« Reply #24 on: January 18, 2016, 08:13:32 AM »
OK, question that doesn't really add to this fascinating discussion.

Background:  I got merit-based scholarships to attend the state university I went to.  I was an out of state student who got admitted to the Honors College (and then after that a special job placement program within the college).  Using round numbers, in-state tuition was $15k, room and board was $8k, and out of state part of the tuition was $17k.  That was the "price".  Due to being accepted into the Honors College, I got room and board free.  Then for placing into the job placement program, I got the out of state portion of my tuition covered, plus a weekly stipend of $40 (which hey, as a freshman in the dorm I felt rich on that).  For being a National Merit semifinalist, I got $4k or $5k (I forget at this point).  Finally, I also got a named scholarship for $3k per year.  That left a portion of the in state tuition for me to pay.  I had a scholarship from home that covered that.

The vast majority of the scholarships I qualified for were just programs the university had in place to recruit "high-achieving" students away from other universities because this one's price tag was so low with still good opportunities.  I was fully aware of this as a senior in high school.  All of the money made this university significantly cheaper than my own in-state school, and the Ivy I was considering.  Because my career didn't depend on having the Ivy degree, and I went to school in 2009 when people were all out of jobs and hating their student loans, I chose the less expensive school.

Finally, the question:  Does the school actually take money from one account to another to "pay" for all of the scholarships I received?  Does it just have written into the budget that $X million won't come in as tuition money due to the merit aid we plan to use that doesn't come from another source?  And are either of those numbers actually the over $30k I received in scholarships, or are they some portion of that, the "cost" of my attendance that another poster alluded to above?  Like is my cost of attendance really just half of room and board plus $5k or something, so they were in reality only losing a few thousand per year on my attendance.  I always assumed that free rides were just written into the budget as not receiving tuition from 10 students or something, but never thought about how schools deal with merit aid like my situation.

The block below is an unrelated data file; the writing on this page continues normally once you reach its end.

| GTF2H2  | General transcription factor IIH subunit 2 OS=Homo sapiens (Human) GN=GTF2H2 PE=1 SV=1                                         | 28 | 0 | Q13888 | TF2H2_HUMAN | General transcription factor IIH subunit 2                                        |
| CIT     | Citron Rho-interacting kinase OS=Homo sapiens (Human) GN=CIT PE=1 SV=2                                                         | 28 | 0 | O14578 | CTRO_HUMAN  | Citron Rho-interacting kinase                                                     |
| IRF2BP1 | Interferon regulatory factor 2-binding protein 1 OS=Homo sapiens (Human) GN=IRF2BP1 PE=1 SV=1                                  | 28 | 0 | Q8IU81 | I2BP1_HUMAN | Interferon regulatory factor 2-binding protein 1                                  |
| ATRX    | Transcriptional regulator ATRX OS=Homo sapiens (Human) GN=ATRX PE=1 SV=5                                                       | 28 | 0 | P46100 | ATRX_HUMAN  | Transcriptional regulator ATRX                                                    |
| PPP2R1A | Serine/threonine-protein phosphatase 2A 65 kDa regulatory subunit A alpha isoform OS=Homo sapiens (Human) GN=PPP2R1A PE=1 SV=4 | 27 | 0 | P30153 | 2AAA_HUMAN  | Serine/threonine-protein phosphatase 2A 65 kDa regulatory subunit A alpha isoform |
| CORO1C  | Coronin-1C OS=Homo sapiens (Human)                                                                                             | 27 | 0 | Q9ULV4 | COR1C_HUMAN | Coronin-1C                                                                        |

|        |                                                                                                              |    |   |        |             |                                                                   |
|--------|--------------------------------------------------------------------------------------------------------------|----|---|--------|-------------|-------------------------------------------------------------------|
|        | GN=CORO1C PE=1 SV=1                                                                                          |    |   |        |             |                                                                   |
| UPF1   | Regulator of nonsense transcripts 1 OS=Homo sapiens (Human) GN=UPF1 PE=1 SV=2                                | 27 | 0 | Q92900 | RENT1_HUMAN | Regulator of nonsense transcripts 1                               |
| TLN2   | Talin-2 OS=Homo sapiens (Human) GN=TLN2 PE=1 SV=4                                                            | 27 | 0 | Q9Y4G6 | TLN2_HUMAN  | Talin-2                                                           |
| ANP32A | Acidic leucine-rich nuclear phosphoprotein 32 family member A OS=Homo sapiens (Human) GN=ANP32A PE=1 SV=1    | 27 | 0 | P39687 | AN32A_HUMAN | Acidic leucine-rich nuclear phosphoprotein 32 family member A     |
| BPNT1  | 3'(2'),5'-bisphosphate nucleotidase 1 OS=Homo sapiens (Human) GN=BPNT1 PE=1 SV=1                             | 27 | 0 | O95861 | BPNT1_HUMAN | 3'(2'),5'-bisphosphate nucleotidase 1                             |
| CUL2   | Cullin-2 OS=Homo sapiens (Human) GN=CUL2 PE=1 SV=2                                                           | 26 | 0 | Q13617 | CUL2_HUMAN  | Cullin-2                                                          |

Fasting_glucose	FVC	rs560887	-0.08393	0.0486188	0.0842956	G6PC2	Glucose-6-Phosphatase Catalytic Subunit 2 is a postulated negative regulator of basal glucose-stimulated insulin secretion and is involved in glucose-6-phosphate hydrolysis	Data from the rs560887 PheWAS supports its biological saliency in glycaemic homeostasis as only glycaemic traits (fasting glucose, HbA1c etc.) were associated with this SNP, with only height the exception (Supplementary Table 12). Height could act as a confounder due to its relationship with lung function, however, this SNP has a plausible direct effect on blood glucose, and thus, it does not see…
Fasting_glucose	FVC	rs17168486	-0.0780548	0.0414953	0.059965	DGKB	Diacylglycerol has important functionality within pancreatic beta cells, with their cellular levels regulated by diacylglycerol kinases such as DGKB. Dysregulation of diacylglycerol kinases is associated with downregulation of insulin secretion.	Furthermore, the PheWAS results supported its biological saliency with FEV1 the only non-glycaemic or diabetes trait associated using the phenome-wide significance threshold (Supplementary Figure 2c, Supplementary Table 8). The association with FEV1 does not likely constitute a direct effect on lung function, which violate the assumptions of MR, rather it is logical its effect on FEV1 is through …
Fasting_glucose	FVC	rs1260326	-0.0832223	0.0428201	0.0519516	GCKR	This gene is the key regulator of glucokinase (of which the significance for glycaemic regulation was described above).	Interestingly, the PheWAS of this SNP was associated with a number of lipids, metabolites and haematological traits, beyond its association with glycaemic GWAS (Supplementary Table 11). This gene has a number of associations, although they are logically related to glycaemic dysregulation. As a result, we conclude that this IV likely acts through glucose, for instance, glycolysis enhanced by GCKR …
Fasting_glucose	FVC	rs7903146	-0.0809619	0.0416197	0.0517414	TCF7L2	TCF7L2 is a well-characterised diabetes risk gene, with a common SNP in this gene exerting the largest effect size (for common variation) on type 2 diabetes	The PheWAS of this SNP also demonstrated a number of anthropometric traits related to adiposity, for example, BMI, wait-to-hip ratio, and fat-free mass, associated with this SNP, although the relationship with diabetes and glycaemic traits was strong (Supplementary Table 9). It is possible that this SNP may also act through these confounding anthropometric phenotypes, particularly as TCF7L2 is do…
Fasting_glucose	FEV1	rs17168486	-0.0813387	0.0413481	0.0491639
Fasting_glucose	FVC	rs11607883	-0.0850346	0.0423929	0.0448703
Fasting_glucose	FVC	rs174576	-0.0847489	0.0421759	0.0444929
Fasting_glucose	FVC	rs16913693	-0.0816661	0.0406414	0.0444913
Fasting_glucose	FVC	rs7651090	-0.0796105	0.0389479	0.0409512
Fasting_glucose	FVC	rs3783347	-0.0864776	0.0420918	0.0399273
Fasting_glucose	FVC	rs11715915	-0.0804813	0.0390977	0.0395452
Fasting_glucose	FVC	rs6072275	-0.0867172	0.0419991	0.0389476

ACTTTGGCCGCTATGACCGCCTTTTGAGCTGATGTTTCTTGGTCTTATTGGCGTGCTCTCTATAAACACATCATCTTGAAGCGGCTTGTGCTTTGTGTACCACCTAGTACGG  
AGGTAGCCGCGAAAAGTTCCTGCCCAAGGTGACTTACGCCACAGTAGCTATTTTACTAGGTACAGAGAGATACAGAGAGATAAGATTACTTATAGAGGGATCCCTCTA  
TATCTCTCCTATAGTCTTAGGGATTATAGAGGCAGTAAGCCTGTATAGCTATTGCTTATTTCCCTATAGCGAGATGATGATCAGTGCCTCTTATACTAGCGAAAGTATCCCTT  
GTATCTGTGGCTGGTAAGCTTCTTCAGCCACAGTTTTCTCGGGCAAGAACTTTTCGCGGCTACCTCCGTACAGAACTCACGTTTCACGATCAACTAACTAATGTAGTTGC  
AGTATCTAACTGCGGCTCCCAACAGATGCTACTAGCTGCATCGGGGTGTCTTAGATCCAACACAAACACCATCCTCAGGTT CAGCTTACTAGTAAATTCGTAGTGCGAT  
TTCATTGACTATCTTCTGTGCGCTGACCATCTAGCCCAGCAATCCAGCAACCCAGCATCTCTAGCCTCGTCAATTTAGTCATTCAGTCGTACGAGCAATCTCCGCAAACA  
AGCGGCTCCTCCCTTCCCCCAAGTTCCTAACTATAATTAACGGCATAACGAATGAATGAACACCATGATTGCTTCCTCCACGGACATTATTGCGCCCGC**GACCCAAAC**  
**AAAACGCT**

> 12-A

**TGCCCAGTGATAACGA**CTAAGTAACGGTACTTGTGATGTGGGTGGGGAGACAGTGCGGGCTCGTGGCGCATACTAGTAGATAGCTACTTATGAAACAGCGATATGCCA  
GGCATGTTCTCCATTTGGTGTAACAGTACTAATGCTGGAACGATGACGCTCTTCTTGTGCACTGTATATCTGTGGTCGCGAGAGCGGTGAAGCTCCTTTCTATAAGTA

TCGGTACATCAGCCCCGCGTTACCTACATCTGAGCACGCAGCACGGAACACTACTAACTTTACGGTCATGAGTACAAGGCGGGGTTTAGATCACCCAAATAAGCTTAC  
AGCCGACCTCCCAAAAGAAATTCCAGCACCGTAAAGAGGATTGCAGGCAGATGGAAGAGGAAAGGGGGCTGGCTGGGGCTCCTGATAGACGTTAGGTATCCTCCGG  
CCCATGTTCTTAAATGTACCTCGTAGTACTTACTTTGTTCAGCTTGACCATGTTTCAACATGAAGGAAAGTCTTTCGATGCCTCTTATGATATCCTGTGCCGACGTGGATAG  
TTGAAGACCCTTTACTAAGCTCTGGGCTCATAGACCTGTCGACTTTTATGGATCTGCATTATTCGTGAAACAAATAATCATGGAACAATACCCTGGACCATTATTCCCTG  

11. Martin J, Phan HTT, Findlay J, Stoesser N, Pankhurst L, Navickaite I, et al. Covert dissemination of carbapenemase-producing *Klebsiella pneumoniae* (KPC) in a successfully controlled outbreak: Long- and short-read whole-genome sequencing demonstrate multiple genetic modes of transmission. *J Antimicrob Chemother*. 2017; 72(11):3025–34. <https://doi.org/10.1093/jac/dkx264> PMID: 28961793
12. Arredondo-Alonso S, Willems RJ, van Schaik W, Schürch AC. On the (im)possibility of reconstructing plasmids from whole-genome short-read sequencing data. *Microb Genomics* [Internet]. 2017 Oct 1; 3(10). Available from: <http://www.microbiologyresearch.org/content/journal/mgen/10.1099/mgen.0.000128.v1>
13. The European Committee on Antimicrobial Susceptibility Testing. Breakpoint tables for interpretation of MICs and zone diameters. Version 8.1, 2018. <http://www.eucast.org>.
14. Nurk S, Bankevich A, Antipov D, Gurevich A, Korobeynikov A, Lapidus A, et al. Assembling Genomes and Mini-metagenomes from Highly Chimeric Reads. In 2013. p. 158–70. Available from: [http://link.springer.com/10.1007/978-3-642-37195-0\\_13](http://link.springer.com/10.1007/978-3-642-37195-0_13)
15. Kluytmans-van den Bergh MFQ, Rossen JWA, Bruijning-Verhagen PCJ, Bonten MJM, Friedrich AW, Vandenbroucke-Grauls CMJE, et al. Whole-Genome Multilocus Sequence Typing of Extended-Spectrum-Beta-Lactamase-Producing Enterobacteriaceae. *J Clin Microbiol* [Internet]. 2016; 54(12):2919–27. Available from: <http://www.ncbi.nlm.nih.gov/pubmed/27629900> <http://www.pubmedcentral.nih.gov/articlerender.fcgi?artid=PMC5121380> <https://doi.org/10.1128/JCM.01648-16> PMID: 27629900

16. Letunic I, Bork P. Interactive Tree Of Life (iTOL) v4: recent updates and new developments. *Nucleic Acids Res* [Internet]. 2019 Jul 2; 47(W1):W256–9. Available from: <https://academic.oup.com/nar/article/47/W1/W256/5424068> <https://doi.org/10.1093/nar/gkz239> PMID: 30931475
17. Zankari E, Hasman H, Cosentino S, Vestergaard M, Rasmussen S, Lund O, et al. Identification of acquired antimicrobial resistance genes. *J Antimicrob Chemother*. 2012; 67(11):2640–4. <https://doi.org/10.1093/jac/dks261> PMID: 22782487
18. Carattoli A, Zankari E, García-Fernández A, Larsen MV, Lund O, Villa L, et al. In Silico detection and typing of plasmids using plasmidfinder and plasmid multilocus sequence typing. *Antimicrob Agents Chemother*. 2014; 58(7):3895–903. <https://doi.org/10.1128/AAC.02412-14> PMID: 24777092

nereo

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Re: Does financially supporting US universities make sense?
« Reply #25 on: January 18, 2016, 08:27:26 AM »

Finally, the question:  Does the school actually take money from one account to another to "pay" for all of the scholarships I received?  Does it just have written into the budget that $X million won't come in as tuition money due to the merit aid we plan to use that doesn't come from another source?  And are either of those numbers actually the over $30k I received in scholarships, or are they some portion of that, the "cost" of my attendance that another poster alluded to above?  Like is my cost of attendance really just half of room and board plus $5k or something, so they were in reality only losing a few thousand per year on my attendance.  I always assumed that free rides were just written into the budget as not receiving tuition from 10 students or something, but never thought about how schools deal with merit aid like my situation.

You've just highlighted one of the biggest issues about the higher education system in the US: The quoted price is almost never the price.  I believe at top-tier schools fewer than 50% of the students actually pay the quoted tuition, and most qualify for some form of scholarship or financial aid.  News stories love to run shocking headlines like "Columbia Student Tuition tops $53k this year!" but only a small minority will ever pay this amount.